In the early parts of his poem Smithyman considers the Land Associations, conclaves of property speculators which often bought up territory abandoned by disillusioned ex-soldiers and sold it on, with the help of overcharged propaganda, to new and hopeful settlers. In their prospectuses and newspaper advertisments the Land Associations commonly used sexual imagery to describe the Waikato and similar regions. Would-be farmers were urged to take possession of 'virgin' and 'fertile' lands, so that they might plant their seeds there.
Smithyman mocks the 'fecund' vocabulary of the Land Association propagandists. Noting the miseries of the early Pakeha settlers of the Waikato, he claims that, far from conquering the region, these settlers 'became hers'. Floods, droughts, erosion, and Maori raiding parties were all, according to Smithyman, 'gestures' intended to show that 'she was not wholly knuckled/ under'.
Later in his poem Smithyman describes the efforts of those agents of boantical and zoological imperialism, acclimatisation societies, to introduce pigeons into the Waikato. The birds were supposed to provide shooting practice for Pakeha soldier-settlers and militiamen, who had had, since the end of the war, no 'nigs/ suitable for targetting'. To the frustration of acclimatisers and marksmen alike, though, the pigeons 'would not rise' into the skies of the Waikato. Smithyman sees the failure of the birds to acclimatise as another sign of the land's resistance.
Only in the last section of his poem does Smithyman turn to Leila Adair. He imagines her 'speeding and swaying' on her trapeze, as an 'updraft' lifts her high above Hamilton. Adair seems to be defying the land which has frustrated so many newcomers, but just as she has 'kissed her hand to the earth-bound' her balloon begins to 'hiss...serpentine volleying smoke'. Adair parachutes, and lands safety in a gorse bush. The land, Smithyman concludes, is 'not to be defied'. 'Lament, for a North Island Land Association' is only one of scores of poems Smithyman wrote about flight and its consequences. After being conscripted into the army in 1941 the poet requested a transfer to the Air Force, in the hope of becoming a fighter pilot. Smithyman eventually found himself serving as a storeman at Air Force bases, where he witnessed several fatal plane crashes and developed a dread of flying.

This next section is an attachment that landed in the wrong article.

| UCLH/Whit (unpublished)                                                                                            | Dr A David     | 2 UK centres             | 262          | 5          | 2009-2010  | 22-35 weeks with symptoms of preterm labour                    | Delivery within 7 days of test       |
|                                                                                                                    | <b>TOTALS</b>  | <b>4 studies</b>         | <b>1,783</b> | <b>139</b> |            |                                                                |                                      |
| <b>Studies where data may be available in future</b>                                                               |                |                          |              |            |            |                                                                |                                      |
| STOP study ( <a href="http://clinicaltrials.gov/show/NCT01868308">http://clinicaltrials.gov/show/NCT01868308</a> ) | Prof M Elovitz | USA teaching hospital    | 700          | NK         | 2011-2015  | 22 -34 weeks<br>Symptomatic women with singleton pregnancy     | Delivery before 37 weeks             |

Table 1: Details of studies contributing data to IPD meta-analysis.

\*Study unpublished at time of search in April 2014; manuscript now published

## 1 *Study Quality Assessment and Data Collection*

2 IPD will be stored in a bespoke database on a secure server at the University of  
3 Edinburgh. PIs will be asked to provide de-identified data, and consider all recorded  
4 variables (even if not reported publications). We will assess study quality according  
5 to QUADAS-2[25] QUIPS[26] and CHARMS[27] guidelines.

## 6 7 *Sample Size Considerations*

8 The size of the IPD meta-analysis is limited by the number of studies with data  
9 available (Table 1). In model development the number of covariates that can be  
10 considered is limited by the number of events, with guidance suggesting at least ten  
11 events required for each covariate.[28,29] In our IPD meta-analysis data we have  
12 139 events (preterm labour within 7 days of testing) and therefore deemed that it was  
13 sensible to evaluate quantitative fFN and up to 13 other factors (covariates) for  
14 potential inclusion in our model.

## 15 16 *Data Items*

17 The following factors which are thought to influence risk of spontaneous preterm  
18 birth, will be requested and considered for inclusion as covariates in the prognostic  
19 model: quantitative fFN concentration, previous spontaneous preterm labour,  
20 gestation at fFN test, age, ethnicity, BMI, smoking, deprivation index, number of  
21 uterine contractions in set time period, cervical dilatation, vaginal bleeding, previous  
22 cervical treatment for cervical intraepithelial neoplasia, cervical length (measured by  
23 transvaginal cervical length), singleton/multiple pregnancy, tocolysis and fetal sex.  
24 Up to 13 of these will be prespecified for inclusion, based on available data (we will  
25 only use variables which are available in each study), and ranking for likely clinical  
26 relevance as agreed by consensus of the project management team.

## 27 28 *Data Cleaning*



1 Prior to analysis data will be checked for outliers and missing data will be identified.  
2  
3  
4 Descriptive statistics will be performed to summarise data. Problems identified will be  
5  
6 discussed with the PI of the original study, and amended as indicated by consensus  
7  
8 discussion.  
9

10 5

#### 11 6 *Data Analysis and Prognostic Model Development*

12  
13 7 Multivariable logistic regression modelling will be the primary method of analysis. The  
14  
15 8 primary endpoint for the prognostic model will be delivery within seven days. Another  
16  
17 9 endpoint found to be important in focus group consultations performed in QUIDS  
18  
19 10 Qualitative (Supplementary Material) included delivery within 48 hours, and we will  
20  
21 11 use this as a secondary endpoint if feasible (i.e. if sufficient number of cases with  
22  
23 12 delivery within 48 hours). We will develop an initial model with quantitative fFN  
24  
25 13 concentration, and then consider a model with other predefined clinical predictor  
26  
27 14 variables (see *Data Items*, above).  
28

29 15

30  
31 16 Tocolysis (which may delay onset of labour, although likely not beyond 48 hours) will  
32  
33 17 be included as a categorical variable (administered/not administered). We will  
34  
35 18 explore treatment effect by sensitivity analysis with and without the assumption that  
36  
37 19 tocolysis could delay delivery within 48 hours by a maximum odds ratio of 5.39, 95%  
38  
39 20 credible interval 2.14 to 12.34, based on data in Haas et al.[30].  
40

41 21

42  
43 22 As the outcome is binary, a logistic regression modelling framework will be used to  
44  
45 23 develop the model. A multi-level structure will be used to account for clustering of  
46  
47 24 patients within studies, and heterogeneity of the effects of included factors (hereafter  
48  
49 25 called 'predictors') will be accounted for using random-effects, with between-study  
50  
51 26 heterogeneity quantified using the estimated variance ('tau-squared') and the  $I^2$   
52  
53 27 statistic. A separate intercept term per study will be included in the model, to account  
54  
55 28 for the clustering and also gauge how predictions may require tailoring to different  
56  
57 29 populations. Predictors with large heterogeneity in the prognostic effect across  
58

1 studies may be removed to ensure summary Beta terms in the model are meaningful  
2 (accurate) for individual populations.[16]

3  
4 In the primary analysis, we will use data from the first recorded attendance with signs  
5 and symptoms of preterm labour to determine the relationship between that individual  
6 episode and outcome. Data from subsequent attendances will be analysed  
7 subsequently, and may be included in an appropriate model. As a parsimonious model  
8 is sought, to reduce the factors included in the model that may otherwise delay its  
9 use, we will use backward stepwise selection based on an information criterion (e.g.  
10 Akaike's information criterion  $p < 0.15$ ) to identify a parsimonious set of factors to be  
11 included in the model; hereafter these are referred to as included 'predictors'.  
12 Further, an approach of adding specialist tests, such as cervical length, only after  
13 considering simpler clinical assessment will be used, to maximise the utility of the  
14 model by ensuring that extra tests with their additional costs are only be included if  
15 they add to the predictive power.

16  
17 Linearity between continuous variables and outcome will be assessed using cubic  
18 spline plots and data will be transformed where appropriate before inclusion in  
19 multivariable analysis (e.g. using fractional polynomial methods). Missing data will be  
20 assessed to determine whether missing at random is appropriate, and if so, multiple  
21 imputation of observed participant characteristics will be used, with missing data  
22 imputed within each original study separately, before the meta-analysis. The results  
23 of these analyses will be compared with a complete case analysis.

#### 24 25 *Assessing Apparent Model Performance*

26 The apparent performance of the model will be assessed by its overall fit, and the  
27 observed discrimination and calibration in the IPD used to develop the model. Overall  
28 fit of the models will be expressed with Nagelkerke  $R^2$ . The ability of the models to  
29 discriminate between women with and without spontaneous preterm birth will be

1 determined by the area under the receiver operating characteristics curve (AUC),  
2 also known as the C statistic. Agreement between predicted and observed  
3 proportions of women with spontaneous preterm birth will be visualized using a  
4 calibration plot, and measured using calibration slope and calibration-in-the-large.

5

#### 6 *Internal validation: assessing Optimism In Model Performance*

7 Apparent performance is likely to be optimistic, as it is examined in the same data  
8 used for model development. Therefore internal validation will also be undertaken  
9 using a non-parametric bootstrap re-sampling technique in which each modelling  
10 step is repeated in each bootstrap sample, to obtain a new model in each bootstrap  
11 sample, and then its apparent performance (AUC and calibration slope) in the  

In postwar poems like 'Aircrash in Antarctica' and the famous 'Flying to Palmerston', Smithyman suggests that human flight can be a hubristic, and therefore dangerous enterprise, and makes it into a symbol of the excesses of industrial society. Like fin de siecle Pakeha before him, Smithyman thinks that Adair's confidence in the new science of aeronautics was misguided. But where many fin de siecle Pakeha, in their self-delusion, imagined that Adair and other aeronauts were the harbingers of of an alien modernity, Smithyman recognises that aviation complemented rather than conflicted with the society Pakeha had established in the second half of the ninteeenth century. Adair's attempt to 'defy' the land is no more hubristic than the Pakeha attempts to transform and exploit the territory they have conquered in the Waikato and elsewhere. Her balloon is not more outrageous, and a good deal more elegant, than their surveyors' maps and drainage pumps and phosphate fertiliser.